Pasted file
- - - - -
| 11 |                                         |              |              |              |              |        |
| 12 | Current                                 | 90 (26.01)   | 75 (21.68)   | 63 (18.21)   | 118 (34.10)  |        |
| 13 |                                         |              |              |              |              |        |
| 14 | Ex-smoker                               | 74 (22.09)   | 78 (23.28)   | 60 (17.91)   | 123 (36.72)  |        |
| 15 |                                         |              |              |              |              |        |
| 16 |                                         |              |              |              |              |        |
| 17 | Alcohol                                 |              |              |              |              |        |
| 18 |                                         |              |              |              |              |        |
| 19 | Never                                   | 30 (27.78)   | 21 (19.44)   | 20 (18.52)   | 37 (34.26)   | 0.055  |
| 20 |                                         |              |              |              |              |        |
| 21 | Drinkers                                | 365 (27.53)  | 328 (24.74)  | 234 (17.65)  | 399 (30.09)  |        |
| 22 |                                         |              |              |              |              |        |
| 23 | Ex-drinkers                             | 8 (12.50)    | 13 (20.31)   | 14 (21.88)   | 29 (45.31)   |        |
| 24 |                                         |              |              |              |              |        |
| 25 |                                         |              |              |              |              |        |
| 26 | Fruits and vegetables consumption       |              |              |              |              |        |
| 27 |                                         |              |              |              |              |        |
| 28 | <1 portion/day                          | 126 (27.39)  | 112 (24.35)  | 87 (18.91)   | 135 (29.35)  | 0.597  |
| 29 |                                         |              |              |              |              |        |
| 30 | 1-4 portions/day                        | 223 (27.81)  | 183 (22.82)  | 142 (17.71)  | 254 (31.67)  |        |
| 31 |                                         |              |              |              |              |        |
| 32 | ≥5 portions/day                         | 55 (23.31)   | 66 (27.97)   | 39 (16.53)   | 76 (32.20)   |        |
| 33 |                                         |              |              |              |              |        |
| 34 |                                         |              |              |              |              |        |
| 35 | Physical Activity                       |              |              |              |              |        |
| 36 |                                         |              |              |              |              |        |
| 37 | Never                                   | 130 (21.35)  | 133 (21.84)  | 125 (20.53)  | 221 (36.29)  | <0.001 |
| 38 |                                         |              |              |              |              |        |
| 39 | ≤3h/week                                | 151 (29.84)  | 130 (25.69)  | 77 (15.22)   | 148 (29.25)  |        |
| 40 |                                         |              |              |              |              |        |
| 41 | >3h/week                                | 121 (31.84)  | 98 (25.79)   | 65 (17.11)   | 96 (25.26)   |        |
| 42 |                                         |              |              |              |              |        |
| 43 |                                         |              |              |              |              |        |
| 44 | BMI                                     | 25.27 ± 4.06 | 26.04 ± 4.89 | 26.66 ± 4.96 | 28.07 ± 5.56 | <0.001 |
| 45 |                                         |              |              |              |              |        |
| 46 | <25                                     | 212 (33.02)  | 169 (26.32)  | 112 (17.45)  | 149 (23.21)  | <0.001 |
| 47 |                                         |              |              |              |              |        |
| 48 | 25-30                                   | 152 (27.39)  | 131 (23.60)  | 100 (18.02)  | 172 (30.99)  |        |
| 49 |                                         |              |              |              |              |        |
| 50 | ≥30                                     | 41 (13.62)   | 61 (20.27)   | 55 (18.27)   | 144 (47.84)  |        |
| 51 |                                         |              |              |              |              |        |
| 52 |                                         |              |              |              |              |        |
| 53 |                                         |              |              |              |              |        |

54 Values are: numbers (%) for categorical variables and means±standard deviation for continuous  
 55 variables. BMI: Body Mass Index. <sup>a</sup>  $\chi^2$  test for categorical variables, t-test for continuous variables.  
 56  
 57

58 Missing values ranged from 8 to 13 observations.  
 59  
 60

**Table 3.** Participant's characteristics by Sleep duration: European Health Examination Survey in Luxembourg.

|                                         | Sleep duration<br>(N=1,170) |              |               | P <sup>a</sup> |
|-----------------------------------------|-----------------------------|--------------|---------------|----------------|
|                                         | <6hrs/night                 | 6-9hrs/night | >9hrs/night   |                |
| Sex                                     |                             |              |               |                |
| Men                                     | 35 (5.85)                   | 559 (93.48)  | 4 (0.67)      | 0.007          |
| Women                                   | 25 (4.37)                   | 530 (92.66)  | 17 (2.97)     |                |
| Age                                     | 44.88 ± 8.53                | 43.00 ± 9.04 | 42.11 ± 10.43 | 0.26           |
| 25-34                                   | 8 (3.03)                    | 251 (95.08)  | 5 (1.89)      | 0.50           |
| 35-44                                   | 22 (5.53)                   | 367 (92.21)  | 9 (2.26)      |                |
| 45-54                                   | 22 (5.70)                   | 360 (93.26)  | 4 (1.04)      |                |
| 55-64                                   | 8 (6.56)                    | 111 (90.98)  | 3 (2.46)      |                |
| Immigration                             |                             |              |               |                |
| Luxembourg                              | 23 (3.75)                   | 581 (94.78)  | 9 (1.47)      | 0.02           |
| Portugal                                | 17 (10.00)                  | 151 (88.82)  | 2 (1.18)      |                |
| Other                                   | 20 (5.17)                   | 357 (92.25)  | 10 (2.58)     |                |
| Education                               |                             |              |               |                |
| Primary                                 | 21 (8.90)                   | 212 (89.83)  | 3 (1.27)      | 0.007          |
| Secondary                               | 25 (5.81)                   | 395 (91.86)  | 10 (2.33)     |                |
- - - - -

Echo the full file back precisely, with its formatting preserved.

| 11 |                                         |              |              |              |              |        |
| 12 | Current                                 | 90 (26.01)   | 75 (21.68)   | 63 (18.21)   | 118 (34.10)  |        |
| 13 |                                         |              |              |              |              |        |
| 14 | Ex-smoker                               | 74 (22.09)   | 78 (23.28)   | 60 (17.91)   | 123 (36.72)  |        |
| 15 |                                         |              |              |              |              |        |
| 16 |                                         |              |              |              |              |        |
| 17 | Alcohol                                 |              |              |              |              |        |
| 18 |                                         |              |              |              |              |        |
| 19 | Never                                   | 30 (27.78)   | 21 (19.44)   | 20 (18.52)   | 37 (34.26)   | 0.055  |
| 20 |                                         |              |              |              |              |        |
| 21 | Drinkers                                | 365 (27.53)  | 328 (24.74)  | 234 (17.65)  | 399 (30.09)  |        |
| 22 |                                         |              |              |              |              |        |
| 23 | Ex-drinkers                             | 8 (12.50)    | 13 (20.31)   | 14 (21.88)   | 29 (45.31)   |        |
| 24 |                                         |              |              |              |              |        |
| 25 |                                         |              |              |              |              |        |
| 26 | Fruits and vegetables consumption       |              |              |              |              |        |
| 27 |                                         |              |              |              |              |        |
| 28 | <1 portion/day                          | 126 (27.39)  | 112 (24.35)  | 87 (18.91)   | 135 (29.35)  | 0.597  |
| 29 |                                         |              |              |              |              |        |
| 30 | 1-4 portions/day                        | 223 (27.81)  | 183 (22.82)  | 142 (17.71)  | 254 (31.67)  |        |
| 31 |                                         |              |              |              |              |        |
| 32 | ≥5 portions/day                         | 55 (23.31)   | 66 (27.97)   | 39 (16.53)   | 76 (32.20)   |        |
| 33 |                                         |              |              |              |              |        |
| 34 |                                         |              |              |              |              |        |
| 35 | Physical Activity                       |              |              |              |              |        |
| 36 |                                         |              |              |              |              |        |
| 37 | Never                                   | 130 (21.35)  | 133 (21.84)  | 125 (20.53)  | 221 (36.29)  | <0.001 |
| 38 |                                         |              |              |              |              |        |
| 39 | ≤3h/week                                | 151 (29.84)  | 130 (25.69)  | 77 (15.22)   | 148 (29.25)  |        |
| 40 |                                         |              |              |              |              |        |
| 41 | >3h/week                                | 121 (31.84)  | 98 (25.79)   | 65 (17.11)   | 96 (25.26)   |        |
| 42 |                                         |              |              |              |              |        |
| 43 |                                         |              |              |              |              |        |
| 44 | BMI                                     | 25.27 ± 4.06 | 26.04 ± 4.89 | 26.66 ± 4.96 | 28.07 ± 5.56 | <0.001 |
| 45 |                                         |              |              |              |              |        |
| 46 | <25                                     | 212 (33.02)  | 169 (26.32)  | 112 (17.45)  | 149 (23.21)  | <0.001 |
| 47 |                                         |              |              |              |              |        |
| 48 | 25-30                                   | 152 (27.39)  | 131 (23.60)  | 100 (18.02)  | 172 (30.99)  |        |
| 49 |                                         |              |              |              |              |        |
| 50 | ≥30                                     | 41 (13.62)   | 61 (20.27)   | 55 (18.27)   | 144 (47.84)  |        |
| 51 |                                         |              |              |              |              |        |
| 52 |                                         |              |              |              |              |        |
| 53 |                                         |              |              |              |              |        |

54 Values are: numbers (%) for categorical variables and means±standard deviation for continuous  
 55 variables. BMI: Body Mass Index. <sup>a</sup>  $\chi^2$  test for categorical variables, t-test for continuous variables.  
 56  
 57

58 Missing values ranged from 8 to 13 observations.  
 59  
 60

**Table 3.** Participant's characteristics by Sleep duration: European Health Examination Survey in Luxembourg.

|                                         | Sleep duration<br>(N=1,170) |              |               | P <sup>a</sup> |
|-----------------------------------------|-----------------------------|--------------|---------------|----------------|
|                                         | <6hrs/night                 | 6-9hrs/night | >9hrs/night   |                |
| Sex                                     |                             |              |               |                |
| Men                                     | 35 (5.85)                   | 559 (93.48)  | 4 (0.67)      | 0.007          |
| Women                                   | 25 (4.37)                   | 530 (92.66)  | 17 (2.97)     |                |
| Age                                     | 44.88 ± 8.53                | 43.00 ± 9.04 | 42.11 ± 10.43 | 0.26           |
| 25-34                                   | 8 (3.03)                    | 251 (95.08)  | 5 (1.89)      | 0.50           |
| 35-44                                   | 22 (5.53)                   | 367 (92.21)  | 9 (2.26)      |                |
| 45-54                                   | 22 (5.70)                   | 360 (93.26)  | 4 (1.04)      |                |
| 55-64                                   | 8 (6.56)                    | 111 (90.98)  | 3 (2.46)      |                |
| Immigration                             |                             |              |               |                |
| Luxembourg                              | 23 (3.75)                   | 581 (94.78)  | 9 (1.47)      | 0.02           |
| Portugal                                | 17 (10.00)                  | 151 (88.82)  | 2 (1.18)      |                |
| Other                                   | 20 (5.17)                   | 357 (92.25)  | 10 (2.58)     |                |
| Education                               |                             |              |               |                |
| Primary                                 | 21 (8.90)                   | 212 (89.83)  | 3 (1.27)      | 0.007          |
| Secondary                               | 25 (5.81)                   | 395 (91.86)  | 10 (2.33)     |                |